We're taking the same experience that they want it to originate through live event execution and crafting it and reshaping it into a visual and sensory experience that they can still engage their audiences with remotely or bringing a brand to life remotely.

IM: As the coronavirus outbreak continues and people take social distancing measures seriously, how do you see this affecting projects for this year? How will you adapt?

TS: We actually have a pretty robust plan, in anticipation of all of this we assigned teams. We have a communication strategy, and it's in full gear for two to four weeks. So we were prepared to do all of this from home and remotely.

The thing that changes is some of the tools we use. Obviously, live events are not going to be the main focus right now, but there are other tools like staging and production. And so again, we shift to our virtual service offerings. And no matter what we're doing, clients will need our strategy. They need our producer services, they need our production management, and they need our expertise. It's just the end deliverable.

IM: How can technology help during this crisis? Does this expand or contract business?

TS: Technology is evolving. We know, it's our job to keep abreast of it. And we strive to stay one step ahead of it. And augmented reality and virtual reality is a great example. Several years ago, we went down the path of virtual reality and helped clients really understand that type of immersive experience. And then augmented reality really took off.

We've been leaders in offering all types of augmented reality services. It's really very exciting. It's like surfing the world, if you will, with your own layer, augmented reality over it. The possibilities are just endless.

But now looking at the situation we're in with the coronavirus all of these technologies are even more important. We've got to leverage all of these ways to communicate that are not based on group experiences. And I think this position is really, going to help our clients make the right decisions and they can have options on how they want to communicate and engage their audiences. We're working right now with two clients in a very progressive manner.

IM: What are those two projects and how have they pivoted?

TS: We're working with The Kinder Institute for Urban Research. Every year we produce their 1,800 attendees annual luncheon, showcasing Steven Kleinberg's renowned Houston area survey, which is a coveted piece of information and data that helps steer the community forward. We've shifted into producing and packaging their thought of it now into a pre-produced virtual experience that will air at the same time as the original luncheon. It will be available online in perpetuity for probably a year until the next one.

We're still able to use technology to still engage their audience and this will actually extend their audience to new audiences that may not have participated before, and we're also in pre-production of a broadcast version of the Holocaust Museum Houston's Moral Courage Award. It will be just like turning on a television show — we're taking them from the original goals of the live event and producing it into a 60-minute show that they can now send out to their attendees, who can still participate and we can still honor all these great amazing people who are deserving of the moral courage award. We can help them grow their audiences through virtual technology.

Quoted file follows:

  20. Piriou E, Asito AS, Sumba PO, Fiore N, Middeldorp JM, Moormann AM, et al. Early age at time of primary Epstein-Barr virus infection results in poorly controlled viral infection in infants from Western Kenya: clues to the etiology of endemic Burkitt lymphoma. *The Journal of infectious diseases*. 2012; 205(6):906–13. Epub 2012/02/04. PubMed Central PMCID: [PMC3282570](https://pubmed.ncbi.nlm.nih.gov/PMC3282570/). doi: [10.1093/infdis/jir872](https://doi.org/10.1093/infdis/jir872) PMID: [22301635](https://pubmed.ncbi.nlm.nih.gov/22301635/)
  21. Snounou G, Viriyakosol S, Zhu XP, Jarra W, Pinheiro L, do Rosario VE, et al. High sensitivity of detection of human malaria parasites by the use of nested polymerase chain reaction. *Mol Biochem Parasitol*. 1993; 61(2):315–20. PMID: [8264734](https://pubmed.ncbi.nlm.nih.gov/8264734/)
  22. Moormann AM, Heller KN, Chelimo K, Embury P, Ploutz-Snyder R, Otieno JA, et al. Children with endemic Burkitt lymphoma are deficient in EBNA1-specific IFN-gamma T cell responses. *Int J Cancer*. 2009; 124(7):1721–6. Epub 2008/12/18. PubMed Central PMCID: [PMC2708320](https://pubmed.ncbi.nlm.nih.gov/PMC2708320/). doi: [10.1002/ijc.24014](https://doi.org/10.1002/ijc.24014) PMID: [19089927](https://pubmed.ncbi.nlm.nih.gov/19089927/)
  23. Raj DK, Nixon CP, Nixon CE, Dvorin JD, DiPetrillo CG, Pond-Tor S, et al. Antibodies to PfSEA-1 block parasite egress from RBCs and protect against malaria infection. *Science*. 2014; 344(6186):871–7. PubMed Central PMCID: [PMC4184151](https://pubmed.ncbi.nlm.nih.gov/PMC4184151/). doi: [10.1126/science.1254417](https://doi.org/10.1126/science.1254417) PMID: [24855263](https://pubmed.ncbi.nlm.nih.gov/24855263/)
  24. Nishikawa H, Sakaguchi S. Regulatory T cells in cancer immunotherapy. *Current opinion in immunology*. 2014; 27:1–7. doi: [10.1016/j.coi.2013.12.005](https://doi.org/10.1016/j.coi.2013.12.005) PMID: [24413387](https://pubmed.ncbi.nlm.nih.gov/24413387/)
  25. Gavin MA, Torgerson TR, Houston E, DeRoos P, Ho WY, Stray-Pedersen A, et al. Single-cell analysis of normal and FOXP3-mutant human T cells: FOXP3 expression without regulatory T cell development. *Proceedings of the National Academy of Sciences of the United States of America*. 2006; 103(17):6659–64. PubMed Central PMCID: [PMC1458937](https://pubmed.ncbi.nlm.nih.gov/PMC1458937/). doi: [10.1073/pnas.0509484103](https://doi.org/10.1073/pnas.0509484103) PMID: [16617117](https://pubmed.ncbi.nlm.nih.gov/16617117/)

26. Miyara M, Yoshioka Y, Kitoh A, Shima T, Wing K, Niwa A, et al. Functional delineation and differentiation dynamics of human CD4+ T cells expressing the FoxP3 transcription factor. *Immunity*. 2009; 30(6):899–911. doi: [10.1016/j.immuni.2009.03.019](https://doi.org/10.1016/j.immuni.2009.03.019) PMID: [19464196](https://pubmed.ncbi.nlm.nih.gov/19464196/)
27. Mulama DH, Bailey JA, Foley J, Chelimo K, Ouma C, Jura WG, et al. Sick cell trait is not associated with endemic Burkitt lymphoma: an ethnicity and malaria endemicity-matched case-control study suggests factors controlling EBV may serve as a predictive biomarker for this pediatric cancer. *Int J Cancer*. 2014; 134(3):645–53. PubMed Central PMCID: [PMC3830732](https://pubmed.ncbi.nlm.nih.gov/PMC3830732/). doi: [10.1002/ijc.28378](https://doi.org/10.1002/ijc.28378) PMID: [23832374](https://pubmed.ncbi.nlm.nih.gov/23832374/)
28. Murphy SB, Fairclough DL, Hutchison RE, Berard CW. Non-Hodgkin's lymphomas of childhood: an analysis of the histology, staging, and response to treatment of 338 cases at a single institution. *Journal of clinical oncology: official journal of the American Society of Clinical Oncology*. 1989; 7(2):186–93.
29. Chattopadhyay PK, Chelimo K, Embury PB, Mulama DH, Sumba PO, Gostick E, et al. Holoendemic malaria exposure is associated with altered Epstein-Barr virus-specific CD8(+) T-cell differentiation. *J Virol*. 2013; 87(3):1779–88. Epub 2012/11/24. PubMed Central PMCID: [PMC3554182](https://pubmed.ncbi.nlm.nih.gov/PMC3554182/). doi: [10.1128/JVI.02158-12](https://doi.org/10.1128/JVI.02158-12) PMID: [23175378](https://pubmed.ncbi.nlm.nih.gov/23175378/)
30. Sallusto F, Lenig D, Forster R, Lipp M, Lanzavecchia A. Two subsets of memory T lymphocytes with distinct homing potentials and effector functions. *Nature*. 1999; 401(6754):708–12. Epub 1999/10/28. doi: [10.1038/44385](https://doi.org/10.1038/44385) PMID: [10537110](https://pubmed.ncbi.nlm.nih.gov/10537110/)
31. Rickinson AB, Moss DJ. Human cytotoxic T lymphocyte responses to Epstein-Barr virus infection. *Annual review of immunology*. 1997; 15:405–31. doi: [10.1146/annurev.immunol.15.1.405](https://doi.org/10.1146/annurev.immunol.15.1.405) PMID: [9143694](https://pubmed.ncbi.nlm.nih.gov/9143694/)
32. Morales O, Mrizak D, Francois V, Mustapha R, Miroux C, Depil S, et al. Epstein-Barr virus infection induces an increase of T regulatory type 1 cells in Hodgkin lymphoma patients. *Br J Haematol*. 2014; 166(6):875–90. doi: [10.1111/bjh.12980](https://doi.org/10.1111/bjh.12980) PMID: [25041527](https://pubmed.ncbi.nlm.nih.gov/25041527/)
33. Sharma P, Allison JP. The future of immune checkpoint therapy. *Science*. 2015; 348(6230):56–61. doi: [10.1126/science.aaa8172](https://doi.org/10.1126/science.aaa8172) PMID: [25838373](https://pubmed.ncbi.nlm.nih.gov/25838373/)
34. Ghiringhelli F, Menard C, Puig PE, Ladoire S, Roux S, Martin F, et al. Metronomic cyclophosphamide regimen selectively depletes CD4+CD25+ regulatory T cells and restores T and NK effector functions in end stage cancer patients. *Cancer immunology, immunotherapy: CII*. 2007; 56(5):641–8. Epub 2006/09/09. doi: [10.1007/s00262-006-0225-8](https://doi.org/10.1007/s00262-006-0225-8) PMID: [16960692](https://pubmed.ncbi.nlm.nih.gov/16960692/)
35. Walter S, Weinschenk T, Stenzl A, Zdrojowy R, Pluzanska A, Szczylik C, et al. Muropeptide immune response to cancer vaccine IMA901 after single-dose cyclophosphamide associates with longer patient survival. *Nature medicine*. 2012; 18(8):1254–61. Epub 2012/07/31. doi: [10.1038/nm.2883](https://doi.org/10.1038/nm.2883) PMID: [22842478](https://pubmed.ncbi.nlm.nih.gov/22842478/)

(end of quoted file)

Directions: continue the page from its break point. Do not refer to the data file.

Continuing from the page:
So again, what is the need? What is the goal, what is the best technology to use to create impact and to share brand stories? We can use our storytelling and capabilities and our production value for a really great experience for viewers at home who are watching this to be engaged in.

IM: What's next for VISION?

TS: We're going to do everything we can to help our clients in these very strange times. We're going to be leaders in helping them push out their objectives. We're going to step up and do what we can to help people communicate with you times like these, you know, communication is key. We do this for a living and we really want to help make a difference. We care. We know our clients care, and right now we're going to focus on helping our clients connect.

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This conversation has been edited for clarity.

The solution to Houston's workforce problem might be right in front of our eyes. Getty Images

Developments in virtual reality technology are changing the workforce, say Houston experts

XR express

Everyone's job has training associated with it — from surgeons to construction crane operators — and there's a growing market need for faster, more thorough training of our workforce.

"The best way to learn how to do something, is to just get out and do it," says Eric Liga, co-founder of HoustonVR. "But there are a lot of reasons why you can't do that in certain types of training."

Augmented and virtual reality training programs are on the rise, and Liga cites safety, cost, and unpredictable work environments as some of these most obvious reasons reasons to pivot to training employees through extended reality. This type of training also provides portability and has proven higher retention, Liga says in his keynote speech at Station Houston's AR/VR discuss on April 25.

"You get a much higher retention rate when you actually go out and do something — physically going through the motions — than you do sitting in a classroom or reading a book," he says.

As more companies are introducing this type of technology into the workforce, there's a growing need for developers and experts to design these programs. Currently, it's rare for a company to have employees with XR expertise.